Since one futures contract is worth \$250(645.00) = \$161,250, the total number of contracts that need to be sold is:
100 .00 million = 620 .16 161,250
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Hedging with S&P500 Futures
Scenario I: Stock market falls Scenario II: Stock market rises

Suppose the S&P500 Index falls to 635.00 at the maturity date of the futures contract. The value of the stock portfolio is: 99.845(635.00/644.00) = 98.45 million The profit on the 620 futures contracts is: 620(250)(645.00-635) = 1.55 million The total value of the portfolio at maturity is \$100 million.

Suppose the S&P500 Index increases to 655.00 at the maturity date of the futures contract. The value of the stock portfolio is: 99.845(655.00/644.00) = 101.55 million The loss on the 620 futures contracts is: 620(250)(645.00-655.00) = -1.55 million The total value of the portfolio at maturity is \$100 million.

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Hedging with S&P500 Options
Reconsider the case of a fund manager who wishes to insure his portfolio
holds a portfolio that mimics the S&P500 Index. Current worth: \$99.845 million, up 20% through mid-November ‘95 S&P500 Index currently at 644.00

Lock in 645 for the S&P500 index by buying the put options at a strike price of 645, maturing in December
The Black -Scholes value for a put option is 14.96. Premium for one option contract is \$100*14.96=\$1,496. The formula for the amount of index options contracts needed to protect the portfolio is as follows: divide the amount to be hedged by the underlying notional value for one SPX options contract (644 x \$100), or \$100,000,000/\$64,400, which equals approximately 1,553. Need to buy 1553 options for portfolio of \$100m. Hence, 1,553*\$1,496=\$2.32m. If you borrow this now, repay \$2.33 in December)
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Hedging with S&P500 Options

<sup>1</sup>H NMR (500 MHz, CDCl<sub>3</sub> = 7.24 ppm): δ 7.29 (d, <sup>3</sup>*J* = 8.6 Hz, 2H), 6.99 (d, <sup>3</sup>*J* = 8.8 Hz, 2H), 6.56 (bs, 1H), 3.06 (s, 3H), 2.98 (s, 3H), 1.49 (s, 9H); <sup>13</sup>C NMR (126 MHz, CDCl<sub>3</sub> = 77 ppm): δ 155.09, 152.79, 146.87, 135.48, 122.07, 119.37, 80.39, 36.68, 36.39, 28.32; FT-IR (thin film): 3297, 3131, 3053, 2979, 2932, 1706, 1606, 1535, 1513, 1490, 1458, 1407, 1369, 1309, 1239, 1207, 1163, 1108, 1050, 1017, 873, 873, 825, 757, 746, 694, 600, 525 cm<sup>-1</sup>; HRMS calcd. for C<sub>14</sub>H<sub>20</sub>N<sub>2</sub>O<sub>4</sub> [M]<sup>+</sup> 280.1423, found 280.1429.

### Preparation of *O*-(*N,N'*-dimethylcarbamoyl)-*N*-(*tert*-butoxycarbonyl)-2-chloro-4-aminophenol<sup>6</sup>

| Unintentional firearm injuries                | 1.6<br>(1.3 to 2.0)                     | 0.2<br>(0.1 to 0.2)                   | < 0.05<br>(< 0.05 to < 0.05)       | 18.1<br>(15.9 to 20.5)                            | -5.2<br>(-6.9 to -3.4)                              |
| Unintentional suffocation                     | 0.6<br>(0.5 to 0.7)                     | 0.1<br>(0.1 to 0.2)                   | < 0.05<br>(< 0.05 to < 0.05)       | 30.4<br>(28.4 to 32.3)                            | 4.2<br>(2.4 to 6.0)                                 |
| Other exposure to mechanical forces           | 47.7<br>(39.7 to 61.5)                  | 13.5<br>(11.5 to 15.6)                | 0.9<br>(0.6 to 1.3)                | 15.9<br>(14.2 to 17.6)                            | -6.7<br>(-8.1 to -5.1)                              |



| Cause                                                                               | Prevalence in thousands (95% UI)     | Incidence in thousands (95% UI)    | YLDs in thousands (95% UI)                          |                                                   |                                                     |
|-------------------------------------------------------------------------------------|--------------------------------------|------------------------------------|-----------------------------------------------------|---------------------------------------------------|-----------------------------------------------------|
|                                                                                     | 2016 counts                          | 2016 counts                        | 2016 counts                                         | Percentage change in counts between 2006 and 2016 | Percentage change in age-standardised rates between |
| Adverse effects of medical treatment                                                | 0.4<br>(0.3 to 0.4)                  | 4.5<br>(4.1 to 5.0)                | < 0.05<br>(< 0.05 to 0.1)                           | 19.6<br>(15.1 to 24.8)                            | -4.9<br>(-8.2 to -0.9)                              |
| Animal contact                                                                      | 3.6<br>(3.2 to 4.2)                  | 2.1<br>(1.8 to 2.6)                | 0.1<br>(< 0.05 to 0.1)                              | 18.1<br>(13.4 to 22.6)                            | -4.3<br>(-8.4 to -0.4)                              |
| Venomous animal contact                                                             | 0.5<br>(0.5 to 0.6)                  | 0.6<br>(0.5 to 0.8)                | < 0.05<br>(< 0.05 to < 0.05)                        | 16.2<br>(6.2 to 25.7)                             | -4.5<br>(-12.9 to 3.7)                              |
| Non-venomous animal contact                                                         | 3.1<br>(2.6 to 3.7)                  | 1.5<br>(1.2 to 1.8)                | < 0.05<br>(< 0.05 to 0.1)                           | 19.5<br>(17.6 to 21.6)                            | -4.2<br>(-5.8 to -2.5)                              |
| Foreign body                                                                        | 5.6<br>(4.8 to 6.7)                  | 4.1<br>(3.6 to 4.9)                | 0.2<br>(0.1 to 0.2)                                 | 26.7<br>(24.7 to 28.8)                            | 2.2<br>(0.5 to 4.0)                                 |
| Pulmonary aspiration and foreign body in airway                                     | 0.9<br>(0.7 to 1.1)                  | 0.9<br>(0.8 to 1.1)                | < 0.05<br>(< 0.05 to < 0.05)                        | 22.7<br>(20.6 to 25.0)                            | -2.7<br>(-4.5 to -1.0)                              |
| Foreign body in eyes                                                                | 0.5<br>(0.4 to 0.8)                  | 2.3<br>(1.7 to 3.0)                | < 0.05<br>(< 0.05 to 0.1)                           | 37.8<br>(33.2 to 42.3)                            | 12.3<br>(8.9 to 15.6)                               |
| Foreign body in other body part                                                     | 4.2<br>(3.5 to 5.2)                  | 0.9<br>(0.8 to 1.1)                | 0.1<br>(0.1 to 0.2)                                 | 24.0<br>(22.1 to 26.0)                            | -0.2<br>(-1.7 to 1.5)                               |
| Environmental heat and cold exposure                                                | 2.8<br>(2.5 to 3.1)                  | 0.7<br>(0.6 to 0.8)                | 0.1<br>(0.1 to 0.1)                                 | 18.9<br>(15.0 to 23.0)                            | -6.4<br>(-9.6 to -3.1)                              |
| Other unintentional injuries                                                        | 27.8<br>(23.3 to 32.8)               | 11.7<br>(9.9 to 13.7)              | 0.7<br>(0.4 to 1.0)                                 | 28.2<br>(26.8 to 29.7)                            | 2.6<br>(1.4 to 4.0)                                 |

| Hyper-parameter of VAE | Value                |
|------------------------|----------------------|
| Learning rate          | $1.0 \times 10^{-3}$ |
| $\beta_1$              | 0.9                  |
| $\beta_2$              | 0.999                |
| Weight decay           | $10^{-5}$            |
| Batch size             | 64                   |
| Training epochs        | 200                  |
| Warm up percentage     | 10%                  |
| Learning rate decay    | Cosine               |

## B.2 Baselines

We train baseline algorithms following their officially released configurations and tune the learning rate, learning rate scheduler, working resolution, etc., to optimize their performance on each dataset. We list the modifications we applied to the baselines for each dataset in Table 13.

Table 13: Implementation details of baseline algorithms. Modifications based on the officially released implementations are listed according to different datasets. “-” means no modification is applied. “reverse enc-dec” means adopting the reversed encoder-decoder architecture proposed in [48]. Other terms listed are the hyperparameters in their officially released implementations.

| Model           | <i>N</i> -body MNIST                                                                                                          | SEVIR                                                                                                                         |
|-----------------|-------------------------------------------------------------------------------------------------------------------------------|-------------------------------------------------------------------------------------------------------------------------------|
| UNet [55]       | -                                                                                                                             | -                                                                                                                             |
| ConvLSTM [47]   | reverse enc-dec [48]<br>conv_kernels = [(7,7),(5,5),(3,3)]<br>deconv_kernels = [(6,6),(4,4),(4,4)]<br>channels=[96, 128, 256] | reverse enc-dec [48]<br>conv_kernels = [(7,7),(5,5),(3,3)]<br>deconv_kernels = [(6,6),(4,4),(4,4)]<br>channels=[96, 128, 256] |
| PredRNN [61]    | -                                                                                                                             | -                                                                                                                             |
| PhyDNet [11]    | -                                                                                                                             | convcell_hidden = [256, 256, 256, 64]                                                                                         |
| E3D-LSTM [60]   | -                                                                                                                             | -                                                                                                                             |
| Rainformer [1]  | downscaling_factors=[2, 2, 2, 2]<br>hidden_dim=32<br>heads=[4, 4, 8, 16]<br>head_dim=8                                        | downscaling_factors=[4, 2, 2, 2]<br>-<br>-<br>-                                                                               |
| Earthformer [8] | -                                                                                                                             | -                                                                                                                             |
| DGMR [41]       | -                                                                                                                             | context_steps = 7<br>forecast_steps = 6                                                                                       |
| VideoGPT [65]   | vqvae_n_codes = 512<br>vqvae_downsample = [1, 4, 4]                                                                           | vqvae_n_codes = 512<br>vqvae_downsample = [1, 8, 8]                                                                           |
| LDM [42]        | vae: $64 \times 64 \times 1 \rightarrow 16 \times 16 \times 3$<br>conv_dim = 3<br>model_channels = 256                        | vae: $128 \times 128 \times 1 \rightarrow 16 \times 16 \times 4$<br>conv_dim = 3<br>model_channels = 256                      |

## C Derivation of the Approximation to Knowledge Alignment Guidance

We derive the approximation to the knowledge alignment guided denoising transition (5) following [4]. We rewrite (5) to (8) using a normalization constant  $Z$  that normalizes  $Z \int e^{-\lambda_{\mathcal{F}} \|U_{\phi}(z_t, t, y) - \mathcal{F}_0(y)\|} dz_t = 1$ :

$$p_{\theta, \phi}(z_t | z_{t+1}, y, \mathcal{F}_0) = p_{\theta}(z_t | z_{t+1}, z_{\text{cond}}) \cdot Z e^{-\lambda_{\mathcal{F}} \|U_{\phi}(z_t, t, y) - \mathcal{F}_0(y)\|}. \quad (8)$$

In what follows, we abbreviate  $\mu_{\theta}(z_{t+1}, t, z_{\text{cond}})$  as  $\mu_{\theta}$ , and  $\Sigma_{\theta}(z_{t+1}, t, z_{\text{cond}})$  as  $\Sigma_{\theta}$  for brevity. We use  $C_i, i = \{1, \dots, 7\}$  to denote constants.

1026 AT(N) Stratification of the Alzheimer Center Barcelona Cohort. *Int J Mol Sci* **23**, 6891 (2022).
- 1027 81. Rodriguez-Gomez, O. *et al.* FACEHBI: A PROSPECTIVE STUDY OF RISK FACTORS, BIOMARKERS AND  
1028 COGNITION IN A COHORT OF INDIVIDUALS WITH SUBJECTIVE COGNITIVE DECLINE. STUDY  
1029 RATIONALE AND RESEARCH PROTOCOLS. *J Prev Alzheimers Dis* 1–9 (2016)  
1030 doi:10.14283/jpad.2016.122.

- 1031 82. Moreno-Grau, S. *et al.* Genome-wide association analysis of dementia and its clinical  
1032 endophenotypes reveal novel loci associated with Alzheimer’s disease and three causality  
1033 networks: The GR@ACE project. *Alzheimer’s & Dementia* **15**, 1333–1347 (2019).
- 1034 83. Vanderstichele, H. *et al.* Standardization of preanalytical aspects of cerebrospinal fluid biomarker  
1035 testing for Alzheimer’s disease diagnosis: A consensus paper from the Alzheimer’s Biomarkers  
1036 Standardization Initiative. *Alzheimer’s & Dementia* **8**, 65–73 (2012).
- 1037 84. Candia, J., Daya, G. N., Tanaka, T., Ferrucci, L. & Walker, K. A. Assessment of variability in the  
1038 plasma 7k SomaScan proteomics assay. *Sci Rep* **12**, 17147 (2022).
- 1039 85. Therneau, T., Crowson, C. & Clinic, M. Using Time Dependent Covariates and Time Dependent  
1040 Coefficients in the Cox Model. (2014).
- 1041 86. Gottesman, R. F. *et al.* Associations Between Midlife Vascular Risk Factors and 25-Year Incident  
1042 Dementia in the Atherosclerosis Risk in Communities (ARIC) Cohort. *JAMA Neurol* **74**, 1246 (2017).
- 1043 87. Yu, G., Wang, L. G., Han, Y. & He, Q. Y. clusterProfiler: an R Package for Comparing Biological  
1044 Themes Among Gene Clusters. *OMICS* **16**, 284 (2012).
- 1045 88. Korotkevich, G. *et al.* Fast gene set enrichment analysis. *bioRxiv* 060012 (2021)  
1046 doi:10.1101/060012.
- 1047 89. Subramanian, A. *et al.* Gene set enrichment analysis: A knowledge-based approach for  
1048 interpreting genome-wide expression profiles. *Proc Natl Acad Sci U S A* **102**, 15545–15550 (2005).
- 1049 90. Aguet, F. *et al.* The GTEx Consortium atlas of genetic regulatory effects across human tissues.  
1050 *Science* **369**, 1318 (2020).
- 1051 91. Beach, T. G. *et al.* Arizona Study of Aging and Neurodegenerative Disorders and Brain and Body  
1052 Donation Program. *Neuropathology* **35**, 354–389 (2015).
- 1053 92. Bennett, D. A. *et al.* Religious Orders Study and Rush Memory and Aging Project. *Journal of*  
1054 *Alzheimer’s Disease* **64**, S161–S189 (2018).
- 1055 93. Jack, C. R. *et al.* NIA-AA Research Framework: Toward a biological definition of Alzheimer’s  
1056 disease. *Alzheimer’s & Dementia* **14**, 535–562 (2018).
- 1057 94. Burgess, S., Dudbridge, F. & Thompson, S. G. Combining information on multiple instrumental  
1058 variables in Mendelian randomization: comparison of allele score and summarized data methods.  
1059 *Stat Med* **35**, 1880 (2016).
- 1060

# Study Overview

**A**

Scenario I: Stock market falls Suppose the S&P500 Index falls to 635.00 at the maturity date of the option. The value of the stock portfolio is: 99.845(635.00/644.00) = 98.45 million The profit on the 310 put options is: 1553(100)(645-635) = \$1.55m The total value of the portfolio at maturity is \$98.45m+\$1.55m-\$2.33m =\$100m-\$2.33m=\$97.67m Scenario II: Stock market rises Suppose the S&P500 Index increases to 665.00 at the maturity date of the put option. The value of the stock portfolio is: \$99.845m(665.00/644.00) = \$103.1m The put remains unexercised in this case The total value of the portfolio at maturity is \$103.1m-2.33m=\$100.77m

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Hedging Interest Rate Risk With Futures Contracts
There are two main interest rate futures contracts:
⌫Eurodollar futures (CME) ⌫US Treasury-bond futures (CBOT)

The Eurodollar futures is the most popular and active contract. Open interest is in excess of \$4 trillion at any point in time.
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LIBOR
The Eurodollar futures contract is based on the interest rate payable on a Eurodollar time deposit. This rate is known as LIBOR (London Interbank Offer Rate) and has become the benchmark short-term interest rate for many US borrowers and lenders. Eurodollar time deposits are non-negotiable, fixed rate US dollar deposits in offshore banks (i.e., those not subject to US banking regulations).

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LIBOR
US banks commonly charge LIBOR plus a certain number of basis points on their floating rate loans. LIBOR is an annualized rate based on a 360-day year. Example: The 90-day LIBOR 8% interest on \$1 million is calculated as follows:
0.08 (\$ 1,000 ,000 ) = \$ 20 ,000 4
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Eurodollar Futures Contract
The Eurodollar futures contract is the most widely traded shortterm interest rate futures. It is based upon a 90-day \$1 million Eurodollar time deposit. It is settled in cash. At expiration, the futures price is 100-LIBOR. Prior to expiration, the quoted futures price implies a LIBOR rate of: Implied LIBOR = 100-Quoted Futures Price
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Eurodollar Futures Contract
Contract: Eurodollar Time Deposit Exchange: Chicago Mercantile Exchange Quantity: \$1 Million Delivery Months: March, June, Sept., and Dec. Delivery Specs: Cash Settlement Based on 3-Month LIBOR Min Price Move: \$25 Per Contract (1 Basis Pt.)